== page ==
By: The Rev. Kim Jenne
Growing up, I bristled when my church sang the popular hymn, “What a Friend We Have in Jesus.” As a kid, I thought the song too sappy and monotonously rhymey. In my small Illinois town, I was firmly in the minority opinion, given how often the song was chosen during hymn sings. The song has long maintained a love-hate relationship among critics and the masses. As the Handbook to the Lutheran Hymnal notes, “In spite of the fact that this hymn, with its tune, has been criticized as being too much on the order of the sentimental gospel type, its popularity remains strong, and the hymn retains a place in modern hymnals.” My teenage condescension seems to have been made harmless by the tremendous service the hymn has provided to generations through the years.
Looking back, my reaction to the song’s sentimentality probably had more to do with the quality of my friendships at the time than my relationship with God. I couldn’t identify a friend in whom I could share all my weaknesses and sorrows. I had learned quickly that middle school friends were often not the best equipped to help bear my griefs and burdens. My “friends” seemed to delight in my trials and tribulations so the metaphor of “Jesus as friend” was not one I desired. I wanted my Jesus to be my rescuer, my defender, my God.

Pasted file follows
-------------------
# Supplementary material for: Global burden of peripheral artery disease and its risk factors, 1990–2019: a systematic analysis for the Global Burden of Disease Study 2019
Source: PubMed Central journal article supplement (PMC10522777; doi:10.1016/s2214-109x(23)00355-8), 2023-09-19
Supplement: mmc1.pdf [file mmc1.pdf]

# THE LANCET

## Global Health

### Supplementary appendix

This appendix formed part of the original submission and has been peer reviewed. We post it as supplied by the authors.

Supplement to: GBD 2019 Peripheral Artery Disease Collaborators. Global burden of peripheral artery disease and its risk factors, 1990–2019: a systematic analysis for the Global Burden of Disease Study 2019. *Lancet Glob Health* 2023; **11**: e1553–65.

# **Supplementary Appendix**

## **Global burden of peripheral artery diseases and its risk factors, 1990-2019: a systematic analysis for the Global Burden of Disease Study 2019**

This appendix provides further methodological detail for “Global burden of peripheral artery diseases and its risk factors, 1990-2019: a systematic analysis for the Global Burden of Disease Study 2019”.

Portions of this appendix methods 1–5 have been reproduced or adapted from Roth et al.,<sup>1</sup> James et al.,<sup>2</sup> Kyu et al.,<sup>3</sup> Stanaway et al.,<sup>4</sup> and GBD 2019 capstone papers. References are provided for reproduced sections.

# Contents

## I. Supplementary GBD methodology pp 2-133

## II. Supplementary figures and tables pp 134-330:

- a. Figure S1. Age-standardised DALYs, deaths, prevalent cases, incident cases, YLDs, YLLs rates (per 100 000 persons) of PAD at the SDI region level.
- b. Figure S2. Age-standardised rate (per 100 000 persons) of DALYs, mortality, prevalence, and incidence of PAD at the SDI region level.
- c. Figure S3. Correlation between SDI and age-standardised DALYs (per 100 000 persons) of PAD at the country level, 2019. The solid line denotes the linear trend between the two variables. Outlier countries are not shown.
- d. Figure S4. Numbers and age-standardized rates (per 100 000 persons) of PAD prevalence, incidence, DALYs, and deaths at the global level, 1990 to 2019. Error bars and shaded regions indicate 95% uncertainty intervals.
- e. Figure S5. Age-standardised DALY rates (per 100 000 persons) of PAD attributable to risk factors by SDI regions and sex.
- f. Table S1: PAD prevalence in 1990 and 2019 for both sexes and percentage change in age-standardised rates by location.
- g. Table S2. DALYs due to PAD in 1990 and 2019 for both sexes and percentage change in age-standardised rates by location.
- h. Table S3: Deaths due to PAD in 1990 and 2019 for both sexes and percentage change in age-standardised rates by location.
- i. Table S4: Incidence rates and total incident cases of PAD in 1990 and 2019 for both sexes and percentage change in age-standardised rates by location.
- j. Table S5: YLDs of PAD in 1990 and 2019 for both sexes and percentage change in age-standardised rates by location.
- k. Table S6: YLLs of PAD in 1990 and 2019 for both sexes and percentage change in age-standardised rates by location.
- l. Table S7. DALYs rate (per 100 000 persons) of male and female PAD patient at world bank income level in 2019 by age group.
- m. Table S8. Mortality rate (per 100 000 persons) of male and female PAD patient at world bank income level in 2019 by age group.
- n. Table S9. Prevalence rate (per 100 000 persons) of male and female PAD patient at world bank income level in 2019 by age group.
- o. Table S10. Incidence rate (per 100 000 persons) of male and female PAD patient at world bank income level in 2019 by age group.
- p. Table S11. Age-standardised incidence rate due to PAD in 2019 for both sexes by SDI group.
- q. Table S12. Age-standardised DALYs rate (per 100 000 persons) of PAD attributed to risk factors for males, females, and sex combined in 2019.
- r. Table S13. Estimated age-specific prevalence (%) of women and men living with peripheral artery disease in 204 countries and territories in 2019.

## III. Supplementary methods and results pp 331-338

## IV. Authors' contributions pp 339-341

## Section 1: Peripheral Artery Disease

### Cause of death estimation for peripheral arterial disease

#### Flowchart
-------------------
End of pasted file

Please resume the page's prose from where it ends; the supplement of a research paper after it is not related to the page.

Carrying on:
In middle age, I am becoming more appreciative of the song’s sentiments – even if they still seem a bit saccharine – especially as I spend more and more time in the fifteenth chapter of John’s Gospel.
Typically, during the weeks of Eastertide, we remember the accounts of Jesus’ appearances during the forty days between his resurrection and his ascension and then the 10 days of waiting for the coming of the Holy Spirit at Pentecost. But this week, we don’t read a resurrection story.
Today’s lection is a speech of Jesus while he was still alive. These speeches are read during Eastertide because they are a sort of preparatory teaching – preparing the disciples for what lies ahead. This part of the Gospel of John sometimes referred to as the Book of Glory (13.1-20.31), a section demonstrating how those who believe in him become children of God. Scholars have identified chapters 14-17 of John’s Gospel as a presentation of several of the teachings of Jesus in the form of a “farewell address.”